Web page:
The first mention of subtle status epilepticus appeared in an abstract by Dr. David Treiman and colleagues from UCLA (Treiman 1984). They defined subtle status epilepticus as consisting of “nystagmus, eye blinking, and/or mild motor movements…with marked impairment of consciousness and continuous or nearly continuous, usually bilateral, ictal patterns on the EEG.” They also noted that 3 of their 10 patients continued to have ictal EEG activity after all movements ceased. Five of the patients had severe encephalopathy. The abstract also states that although the ictal patterns were usually bilateral, all 10 patients had periodic, lateralized, epileptiform discharges. Resolution of the EEG discharges seemed to be associated with better outcome. Late 19th- and early 20th-century writers, however, were well acquainted with this later phase of status epilepticus lacking convulsive activity, which they termed the “meningitic” or “stuporus” stage (Neligan and Shorvon 2009). Treiman has expanded on his definition in multiple subsequent articles. He points out that some patients may have had only an isolated convulsion (rather than convulsive status epilepticus) prior to being in subtle status epilepticus and that some may have never had a recognized convulsion. Although most patients probably have a focal component at some point, Treiman notes that periodic discharges tend to become bilateral even if generated from a single focus (Treiman 1995). In his landmark publication of the Veterans Affairs Status Epilepticus Cooperative Study, Treiman noted that subtle status epilepticus was considered present in patients with coma and ictal discharges (it is unclear if periodic discharges were included, but presumably they were) “with or without subtle movements (rhythmic twitching . . .; tonic eye deviation; or nystagmoid eye jerking)” (Treiman et al 1998). Thus, even patients with no clinical manifestations other than coma were included as having subtle status epilepticus. In other papers, he refers to this situation as “electrographic status epilepticus” once the clinical manifestations (other than coma) have progressed from subtle to absent. Thus, he describes a continuum of status epilepticus from convulsive to subtle to electrographic.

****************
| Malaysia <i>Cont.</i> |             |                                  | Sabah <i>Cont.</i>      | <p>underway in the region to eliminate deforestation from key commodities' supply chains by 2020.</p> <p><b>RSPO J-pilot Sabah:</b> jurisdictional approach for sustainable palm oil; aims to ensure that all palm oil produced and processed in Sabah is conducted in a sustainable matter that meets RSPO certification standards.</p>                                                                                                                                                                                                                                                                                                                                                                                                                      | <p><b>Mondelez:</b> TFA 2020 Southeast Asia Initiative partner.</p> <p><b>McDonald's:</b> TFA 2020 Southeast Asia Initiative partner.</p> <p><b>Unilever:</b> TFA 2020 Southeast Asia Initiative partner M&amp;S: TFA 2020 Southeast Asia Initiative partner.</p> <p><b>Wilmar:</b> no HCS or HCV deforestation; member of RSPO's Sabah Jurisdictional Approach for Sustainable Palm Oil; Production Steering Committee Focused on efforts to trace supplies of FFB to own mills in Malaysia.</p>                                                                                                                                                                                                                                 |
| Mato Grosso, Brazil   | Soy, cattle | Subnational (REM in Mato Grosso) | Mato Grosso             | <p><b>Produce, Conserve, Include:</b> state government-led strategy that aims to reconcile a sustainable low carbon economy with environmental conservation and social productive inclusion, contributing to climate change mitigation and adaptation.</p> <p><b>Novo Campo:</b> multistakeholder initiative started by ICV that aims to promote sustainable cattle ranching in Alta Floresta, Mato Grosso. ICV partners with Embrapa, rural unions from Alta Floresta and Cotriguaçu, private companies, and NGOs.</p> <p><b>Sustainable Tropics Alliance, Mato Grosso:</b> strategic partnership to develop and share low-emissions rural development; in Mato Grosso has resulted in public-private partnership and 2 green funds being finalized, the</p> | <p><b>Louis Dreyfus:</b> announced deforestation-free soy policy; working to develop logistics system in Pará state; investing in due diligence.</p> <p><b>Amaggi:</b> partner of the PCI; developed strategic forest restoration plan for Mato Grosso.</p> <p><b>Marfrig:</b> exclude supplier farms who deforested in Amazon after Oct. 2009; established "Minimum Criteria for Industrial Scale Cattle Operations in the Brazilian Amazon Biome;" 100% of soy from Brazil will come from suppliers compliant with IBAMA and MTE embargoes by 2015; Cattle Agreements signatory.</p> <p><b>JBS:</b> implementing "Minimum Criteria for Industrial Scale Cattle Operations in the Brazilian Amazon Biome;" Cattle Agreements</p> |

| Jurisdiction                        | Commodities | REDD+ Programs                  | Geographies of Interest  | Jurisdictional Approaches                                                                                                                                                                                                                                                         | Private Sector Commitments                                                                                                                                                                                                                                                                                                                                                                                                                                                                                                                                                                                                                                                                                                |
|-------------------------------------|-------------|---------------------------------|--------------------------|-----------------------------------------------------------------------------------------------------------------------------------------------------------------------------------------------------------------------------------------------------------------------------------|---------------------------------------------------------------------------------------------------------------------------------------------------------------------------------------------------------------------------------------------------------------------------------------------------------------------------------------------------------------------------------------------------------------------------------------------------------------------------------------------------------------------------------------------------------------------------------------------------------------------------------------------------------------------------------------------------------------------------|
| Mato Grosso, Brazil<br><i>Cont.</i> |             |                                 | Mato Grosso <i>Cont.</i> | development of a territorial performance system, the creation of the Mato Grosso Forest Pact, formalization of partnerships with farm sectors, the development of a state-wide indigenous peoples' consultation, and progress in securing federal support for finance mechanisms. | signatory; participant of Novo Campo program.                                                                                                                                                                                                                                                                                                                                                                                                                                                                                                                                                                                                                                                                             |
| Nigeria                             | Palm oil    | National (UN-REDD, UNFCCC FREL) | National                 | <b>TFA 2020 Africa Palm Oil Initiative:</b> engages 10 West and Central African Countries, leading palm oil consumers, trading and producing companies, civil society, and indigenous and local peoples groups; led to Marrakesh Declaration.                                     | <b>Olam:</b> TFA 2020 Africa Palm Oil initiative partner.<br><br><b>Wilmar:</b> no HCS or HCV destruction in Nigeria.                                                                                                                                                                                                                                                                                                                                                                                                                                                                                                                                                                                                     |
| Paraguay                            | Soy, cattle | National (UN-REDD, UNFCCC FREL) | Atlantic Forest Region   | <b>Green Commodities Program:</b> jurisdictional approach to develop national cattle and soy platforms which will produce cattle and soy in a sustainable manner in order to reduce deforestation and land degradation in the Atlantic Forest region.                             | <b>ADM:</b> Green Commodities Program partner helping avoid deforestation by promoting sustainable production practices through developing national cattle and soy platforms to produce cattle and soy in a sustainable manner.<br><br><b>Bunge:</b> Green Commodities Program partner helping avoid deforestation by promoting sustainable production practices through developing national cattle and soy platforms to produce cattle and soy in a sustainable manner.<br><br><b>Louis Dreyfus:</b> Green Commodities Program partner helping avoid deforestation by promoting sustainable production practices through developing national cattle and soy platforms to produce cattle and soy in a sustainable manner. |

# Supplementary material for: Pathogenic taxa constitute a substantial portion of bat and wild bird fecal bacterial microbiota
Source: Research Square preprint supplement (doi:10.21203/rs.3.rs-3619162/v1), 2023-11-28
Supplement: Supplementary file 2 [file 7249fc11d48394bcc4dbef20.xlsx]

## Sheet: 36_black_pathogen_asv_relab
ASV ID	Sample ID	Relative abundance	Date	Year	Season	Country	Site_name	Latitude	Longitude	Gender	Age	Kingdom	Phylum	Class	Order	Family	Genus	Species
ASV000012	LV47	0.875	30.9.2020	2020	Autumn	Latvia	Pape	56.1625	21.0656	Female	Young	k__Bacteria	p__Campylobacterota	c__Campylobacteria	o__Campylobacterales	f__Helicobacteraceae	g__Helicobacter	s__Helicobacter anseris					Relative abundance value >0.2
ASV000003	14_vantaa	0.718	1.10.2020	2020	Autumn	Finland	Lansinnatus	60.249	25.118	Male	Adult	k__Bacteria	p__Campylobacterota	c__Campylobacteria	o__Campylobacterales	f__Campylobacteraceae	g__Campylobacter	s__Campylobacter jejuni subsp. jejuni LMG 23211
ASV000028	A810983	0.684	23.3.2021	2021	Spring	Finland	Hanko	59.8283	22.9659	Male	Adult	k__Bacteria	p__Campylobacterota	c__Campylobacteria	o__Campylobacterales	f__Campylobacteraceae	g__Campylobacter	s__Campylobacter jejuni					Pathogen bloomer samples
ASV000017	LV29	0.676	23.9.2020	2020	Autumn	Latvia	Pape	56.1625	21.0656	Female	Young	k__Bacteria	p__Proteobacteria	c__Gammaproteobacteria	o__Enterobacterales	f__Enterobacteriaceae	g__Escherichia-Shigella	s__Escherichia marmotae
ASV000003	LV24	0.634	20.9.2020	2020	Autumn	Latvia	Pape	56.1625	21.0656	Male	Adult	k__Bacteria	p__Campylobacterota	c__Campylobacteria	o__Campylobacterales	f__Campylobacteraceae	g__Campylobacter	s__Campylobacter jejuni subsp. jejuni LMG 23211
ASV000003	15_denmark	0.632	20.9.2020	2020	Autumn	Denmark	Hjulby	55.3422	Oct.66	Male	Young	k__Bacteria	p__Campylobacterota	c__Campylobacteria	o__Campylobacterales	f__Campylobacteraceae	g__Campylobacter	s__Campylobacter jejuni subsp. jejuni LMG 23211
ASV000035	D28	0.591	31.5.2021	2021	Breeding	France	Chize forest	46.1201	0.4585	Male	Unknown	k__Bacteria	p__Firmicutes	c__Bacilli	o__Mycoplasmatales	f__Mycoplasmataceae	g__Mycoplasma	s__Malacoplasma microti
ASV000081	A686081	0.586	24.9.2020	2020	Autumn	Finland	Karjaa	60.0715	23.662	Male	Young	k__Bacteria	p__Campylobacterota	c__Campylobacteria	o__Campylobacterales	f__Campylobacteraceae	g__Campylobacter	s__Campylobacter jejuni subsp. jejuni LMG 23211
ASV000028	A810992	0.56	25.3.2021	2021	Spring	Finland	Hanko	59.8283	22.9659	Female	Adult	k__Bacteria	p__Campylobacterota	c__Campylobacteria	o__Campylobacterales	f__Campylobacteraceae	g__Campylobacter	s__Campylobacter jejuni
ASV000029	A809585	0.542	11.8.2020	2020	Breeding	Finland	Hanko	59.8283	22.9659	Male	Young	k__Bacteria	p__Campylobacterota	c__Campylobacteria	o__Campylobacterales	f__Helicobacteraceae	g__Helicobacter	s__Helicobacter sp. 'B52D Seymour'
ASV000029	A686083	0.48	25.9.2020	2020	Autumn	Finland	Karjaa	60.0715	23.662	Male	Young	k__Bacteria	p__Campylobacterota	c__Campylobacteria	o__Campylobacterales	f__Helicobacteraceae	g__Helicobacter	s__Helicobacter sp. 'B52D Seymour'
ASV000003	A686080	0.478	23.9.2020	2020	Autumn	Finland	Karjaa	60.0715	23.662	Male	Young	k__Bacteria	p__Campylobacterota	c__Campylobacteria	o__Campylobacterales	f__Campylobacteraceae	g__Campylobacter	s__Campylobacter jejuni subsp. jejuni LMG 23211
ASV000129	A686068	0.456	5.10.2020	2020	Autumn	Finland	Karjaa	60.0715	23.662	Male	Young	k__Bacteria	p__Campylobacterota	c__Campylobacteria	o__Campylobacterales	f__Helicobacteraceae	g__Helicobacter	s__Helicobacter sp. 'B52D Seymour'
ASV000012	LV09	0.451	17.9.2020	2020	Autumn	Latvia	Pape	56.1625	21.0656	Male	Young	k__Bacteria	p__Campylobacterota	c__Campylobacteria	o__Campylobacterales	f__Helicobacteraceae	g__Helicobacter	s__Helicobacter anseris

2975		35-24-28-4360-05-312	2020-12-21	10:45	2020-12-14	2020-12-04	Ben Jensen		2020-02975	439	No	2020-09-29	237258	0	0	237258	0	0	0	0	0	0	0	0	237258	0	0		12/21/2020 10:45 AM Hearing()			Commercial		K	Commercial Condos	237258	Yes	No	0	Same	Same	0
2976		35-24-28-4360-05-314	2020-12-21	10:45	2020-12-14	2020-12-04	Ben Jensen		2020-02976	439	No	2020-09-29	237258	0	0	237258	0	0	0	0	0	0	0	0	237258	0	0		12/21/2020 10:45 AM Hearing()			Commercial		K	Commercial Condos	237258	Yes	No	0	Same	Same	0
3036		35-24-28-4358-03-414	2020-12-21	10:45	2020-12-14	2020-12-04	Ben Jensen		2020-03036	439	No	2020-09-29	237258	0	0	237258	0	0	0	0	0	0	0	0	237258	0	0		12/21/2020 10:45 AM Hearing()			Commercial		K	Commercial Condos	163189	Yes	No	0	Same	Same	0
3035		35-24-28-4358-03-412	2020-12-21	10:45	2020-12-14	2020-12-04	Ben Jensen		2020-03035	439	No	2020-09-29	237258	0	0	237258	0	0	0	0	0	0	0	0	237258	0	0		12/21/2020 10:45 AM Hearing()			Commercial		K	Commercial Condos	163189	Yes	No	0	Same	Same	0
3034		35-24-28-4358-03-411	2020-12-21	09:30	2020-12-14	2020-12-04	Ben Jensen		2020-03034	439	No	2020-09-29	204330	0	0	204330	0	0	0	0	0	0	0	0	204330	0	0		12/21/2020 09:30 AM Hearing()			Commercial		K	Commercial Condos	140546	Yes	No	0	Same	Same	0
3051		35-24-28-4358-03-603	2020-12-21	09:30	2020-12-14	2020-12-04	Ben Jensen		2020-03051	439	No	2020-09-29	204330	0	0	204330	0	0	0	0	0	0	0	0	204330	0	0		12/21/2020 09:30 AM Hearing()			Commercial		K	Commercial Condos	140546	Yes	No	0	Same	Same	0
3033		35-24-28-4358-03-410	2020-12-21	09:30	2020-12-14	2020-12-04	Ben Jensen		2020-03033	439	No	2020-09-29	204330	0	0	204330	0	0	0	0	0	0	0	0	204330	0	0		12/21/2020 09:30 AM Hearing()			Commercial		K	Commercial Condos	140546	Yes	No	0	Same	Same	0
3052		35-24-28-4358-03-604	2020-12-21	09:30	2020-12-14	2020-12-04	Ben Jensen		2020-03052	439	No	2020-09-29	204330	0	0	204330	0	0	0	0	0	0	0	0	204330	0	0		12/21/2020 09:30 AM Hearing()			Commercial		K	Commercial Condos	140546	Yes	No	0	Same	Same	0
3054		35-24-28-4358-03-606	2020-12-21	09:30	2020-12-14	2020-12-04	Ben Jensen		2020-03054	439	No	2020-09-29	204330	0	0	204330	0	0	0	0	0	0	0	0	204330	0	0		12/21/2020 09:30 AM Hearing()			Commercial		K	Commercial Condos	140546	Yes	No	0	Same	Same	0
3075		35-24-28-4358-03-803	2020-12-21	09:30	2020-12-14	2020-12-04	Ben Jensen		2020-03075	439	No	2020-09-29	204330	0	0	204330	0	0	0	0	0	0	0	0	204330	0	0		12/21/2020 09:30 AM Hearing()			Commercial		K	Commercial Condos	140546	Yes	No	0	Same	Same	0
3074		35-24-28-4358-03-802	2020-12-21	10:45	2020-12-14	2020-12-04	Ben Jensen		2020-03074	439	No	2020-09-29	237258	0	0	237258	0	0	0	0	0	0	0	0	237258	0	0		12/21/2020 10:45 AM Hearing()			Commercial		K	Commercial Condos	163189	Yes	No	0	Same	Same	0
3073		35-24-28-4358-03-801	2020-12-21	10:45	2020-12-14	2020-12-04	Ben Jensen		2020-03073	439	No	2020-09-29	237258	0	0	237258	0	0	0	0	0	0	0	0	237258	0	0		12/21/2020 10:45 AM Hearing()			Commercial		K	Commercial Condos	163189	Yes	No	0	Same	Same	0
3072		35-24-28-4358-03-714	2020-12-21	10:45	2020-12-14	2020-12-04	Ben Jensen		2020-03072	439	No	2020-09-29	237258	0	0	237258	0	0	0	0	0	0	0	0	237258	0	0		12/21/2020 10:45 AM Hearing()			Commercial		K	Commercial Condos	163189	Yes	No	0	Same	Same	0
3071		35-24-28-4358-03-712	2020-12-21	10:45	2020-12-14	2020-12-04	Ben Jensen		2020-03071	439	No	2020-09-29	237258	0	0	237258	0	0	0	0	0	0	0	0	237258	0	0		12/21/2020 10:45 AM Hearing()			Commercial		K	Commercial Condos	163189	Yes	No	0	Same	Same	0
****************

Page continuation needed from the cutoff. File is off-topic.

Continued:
The literature since then has evolved significantly as more intensive care unit patients undergo prolonged digital EEG monitoring. Many authors have described the above phenomenon at the end of convulsive status epilepticus with a variety of terms (or no specific term at all), and many authors (including the authors of this article) have used the term subtle status epilepticus in a less specific way, including any electrical status epilepticus with subtle (and sometimes no) clinical manifestations (Simon and Aminoff 1986; Drislane and Schomer 1994; Privitera et al 1994; So 1995; Jaitly et al 1997; DeLorenzo et al 1998; Lowenstein and Alldredge 1998; Nei et al 1999; Brenner 2002; Husain et al 2003; Mirski 2005; Jirsch and Hirsch 2007). Subtle status epilepticus is sometimes considered a subset of nonconvulsive status epilepticus and sometimes a subset of convulsive status epilepticus.